I noticed that you said “Christine and I have dated other people” and I wonder if that was some kind of slip, as someone would normally write that if the person they were discussing was someone they had dated or were considering dating. You also signed off “Lovesick,” which, again, seems to fit the feeling of being heartbroken over a romantic relationship. Is there any chance you have romantic feelings for Christine? If you do, it makes sense that you’d be hurt by her marriage because it represents a formal end to the possibility of a future for you two. Just something to check in with yourself about. If the answer is “Yes, I’m in love with my best friend” get a trusted counselor to help you process that and make a decision about whether it’s something you should share, and what it means for your relationship.
If I’m totally off here, that’s great news. Because friendships do not end with marriage or even change that much. Marriage is not that different from being with a serious, long-term partner. Christine will have some paperwork and some wonderful new kitchen appliances but the way she divides her time and attention will probably not change much. Do you know any older women who you can look to as role models and remind you that close friendship can easily survive marriage, divorce, and all the other changes life brings? I think it would be helpful for you to have someone whose experience can serve as an example and can give you some perspective on what is a pretty regular life event, not something to mourn.
Dear Prudence Uncensored
“Do you know what I think would really be something to get upset about? A kid.”
Jenée Desmond-Harris and friends discuss a letter in this week’s Dear Prudence Uncensored—only for Slate Plus members.
My brother-in-law has always been a jackass but since lockdown he has dialed it up to 11, spouting conspiracy theories and trolling people with casual racism and schlock theories. When he learned that my cousin is a trans woman, he turned up at a party in blackface in a zoot suit and insisted that he identified as a “pimp daddy” and that we should all respect “his truth.” My husband immediately threw him out and read him the riot act, which has only encouraged him to double down on this particular provocation. His family is horrified but his parents are old and reluctant to cut him off (he is financially dependent on them) and it is going to be impossible to avoid him completely over the holiday season without upsetting them (he would also view any boycott as a victory). How do we navigate social engagements with this obnoxious fool without sparking a civil war? Should we even try or should we simply give my husband’s family an ultimatum and refuse to be in the same room with him?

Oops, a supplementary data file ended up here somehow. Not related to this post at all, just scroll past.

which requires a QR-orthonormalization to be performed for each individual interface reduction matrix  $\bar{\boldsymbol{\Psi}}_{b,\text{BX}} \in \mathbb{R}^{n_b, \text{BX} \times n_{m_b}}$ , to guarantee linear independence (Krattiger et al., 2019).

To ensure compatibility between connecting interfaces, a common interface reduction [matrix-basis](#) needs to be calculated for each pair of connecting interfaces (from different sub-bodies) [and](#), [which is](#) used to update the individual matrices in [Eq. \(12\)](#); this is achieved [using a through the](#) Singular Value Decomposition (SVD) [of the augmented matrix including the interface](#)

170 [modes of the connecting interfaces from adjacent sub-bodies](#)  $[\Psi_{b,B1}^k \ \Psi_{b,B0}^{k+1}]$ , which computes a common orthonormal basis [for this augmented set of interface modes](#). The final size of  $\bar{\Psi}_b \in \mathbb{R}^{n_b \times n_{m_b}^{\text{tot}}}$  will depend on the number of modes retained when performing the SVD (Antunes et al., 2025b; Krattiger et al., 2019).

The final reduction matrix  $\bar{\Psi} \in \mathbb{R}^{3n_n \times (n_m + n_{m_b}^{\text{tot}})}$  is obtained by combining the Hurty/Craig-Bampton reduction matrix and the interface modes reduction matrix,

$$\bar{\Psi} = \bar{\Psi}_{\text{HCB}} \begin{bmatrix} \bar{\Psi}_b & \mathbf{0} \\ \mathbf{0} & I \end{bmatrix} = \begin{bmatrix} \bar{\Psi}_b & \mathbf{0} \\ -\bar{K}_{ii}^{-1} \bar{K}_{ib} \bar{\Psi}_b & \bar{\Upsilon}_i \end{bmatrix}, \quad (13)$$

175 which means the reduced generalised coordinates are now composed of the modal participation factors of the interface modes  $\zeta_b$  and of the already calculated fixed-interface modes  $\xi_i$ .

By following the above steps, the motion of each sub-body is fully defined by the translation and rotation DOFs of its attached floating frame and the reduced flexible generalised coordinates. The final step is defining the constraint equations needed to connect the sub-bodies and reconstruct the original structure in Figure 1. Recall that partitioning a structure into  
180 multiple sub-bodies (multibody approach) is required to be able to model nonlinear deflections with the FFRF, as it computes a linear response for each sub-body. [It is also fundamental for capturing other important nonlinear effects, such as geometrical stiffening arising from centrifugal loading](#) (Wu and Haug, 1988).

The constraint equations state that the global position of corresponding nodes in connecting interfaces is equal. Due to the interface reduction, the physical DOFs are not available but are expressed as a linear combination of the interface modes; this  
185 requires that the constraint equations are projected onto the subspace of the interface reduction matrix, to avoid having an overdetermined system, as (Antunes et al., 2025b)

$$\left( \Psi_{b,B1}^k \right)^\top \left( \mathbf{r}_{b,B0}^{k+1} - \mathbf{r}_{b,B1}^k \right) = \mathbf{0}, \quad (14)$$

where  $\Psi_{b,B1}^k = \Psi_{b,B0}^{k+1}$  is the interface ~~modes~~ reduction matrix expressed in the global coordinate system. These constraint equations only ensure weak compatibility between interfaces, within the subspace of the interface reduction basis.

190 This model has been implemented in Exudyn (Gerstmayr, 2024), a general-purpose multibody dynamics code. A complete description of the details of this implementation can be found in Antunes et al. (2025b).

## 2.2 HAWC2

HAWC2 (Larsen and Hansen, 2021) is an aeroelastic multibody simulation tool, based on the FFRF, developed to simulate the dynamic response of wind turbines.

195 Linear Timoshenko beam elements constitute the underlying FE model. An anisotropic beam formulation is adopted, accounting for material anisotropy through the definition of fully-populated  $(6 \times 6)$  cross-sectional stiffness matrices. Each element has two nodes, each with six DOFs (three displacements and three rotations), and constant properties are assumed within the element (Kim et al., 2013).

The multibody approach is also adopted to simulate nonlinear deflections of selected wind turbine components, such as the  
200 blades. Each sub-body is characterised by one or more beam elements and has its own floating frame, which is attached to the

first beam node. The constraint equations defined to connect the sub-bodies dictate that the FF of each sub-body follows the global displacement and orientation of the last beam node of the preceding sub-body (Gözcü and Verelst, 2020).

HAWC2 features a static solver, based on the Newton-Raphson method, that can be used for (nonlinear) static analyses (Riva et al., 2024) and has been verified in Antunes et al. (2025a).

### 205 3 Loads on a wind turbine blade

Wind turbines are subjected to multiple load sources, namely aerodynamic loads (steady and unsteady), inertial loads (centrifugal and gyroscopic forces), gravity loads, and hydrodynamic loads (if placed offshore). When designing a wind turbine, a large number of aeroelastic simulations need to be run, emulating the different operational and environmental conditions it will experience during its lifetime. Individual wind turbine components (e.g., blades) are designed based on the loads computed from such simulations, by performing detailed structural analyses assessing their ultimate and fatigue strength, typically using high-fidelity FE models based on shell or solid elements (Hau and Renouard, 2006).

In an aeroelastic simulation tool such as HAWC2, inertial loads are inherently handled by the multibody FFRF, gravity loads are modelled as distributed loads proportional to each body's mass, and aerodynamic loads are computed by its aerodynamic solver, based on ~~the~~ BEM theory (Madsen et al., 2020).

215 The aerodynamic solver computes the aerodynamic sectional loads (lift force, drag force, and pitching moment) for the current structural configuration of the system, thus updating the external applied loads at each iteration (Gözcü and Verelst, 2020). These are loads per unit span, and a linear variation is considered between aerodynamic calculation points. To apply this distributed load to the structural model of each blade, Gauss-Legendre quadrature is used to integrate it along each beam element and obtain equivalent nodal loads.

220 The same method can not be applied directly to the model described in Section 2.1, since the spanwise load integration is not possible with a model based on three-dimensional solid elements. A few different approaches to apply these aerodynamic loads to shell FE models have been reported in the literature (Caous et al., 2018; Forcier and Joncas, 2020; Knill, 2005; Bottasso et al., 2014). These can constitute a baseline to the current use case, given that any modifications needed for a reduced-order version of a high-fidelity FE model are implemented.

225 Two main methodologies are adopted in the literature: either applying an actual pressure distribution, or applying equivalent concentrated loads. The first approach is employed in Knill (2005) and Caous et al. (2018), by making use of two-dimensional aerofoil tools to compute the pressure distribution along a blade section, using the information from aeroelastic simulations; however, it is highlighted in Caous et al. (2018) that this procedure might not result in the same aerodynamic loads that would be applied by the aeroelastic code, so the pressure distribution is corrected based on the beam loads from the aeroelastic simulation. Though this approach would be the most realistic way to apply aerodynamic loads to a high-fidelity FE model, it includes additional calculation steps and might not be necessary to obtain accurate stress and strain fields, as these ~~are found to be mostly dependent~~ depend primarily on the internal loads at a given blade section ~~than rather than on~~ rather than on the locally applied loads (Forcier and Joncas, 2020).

—Turn Off the Gaslight
Dear Turn Off the Gaslight,
Between climate disasters, mass shootings, pandemics, and just the reality of being a human, you don’t know how many holiday seasons you have left. If I were you, I wouldn’t waste one of them being in the presence of someone like this. If he views it as a victory, well, so what. He is pretty clearly not a person whose views have any value. Tell your husband’s parents you’ll see them the day before or after they get together with this loser and the rest of the family. Double the celebration for them! It’s a win-win.
Many years ago I had a brief, passion-filled affair with a co-worker. I had no kids (I now have one), and he had two (now has more). There was no fallout as our spouses (the same then as they are now) never found out. We were utterly enamored with each other, but never considered leaving our families due, in a large part, to our diametrically opposed political outlooks. I am incredibly liberal, he staunchly conservative. He has transitioned into politics as a career, become even more conservative, and is now running for a powerful position. If he is elected, he will be able to enact what I consider to be very negative changes to women’s rights and the environment. I have proof of the affair that would likely derail his campaign…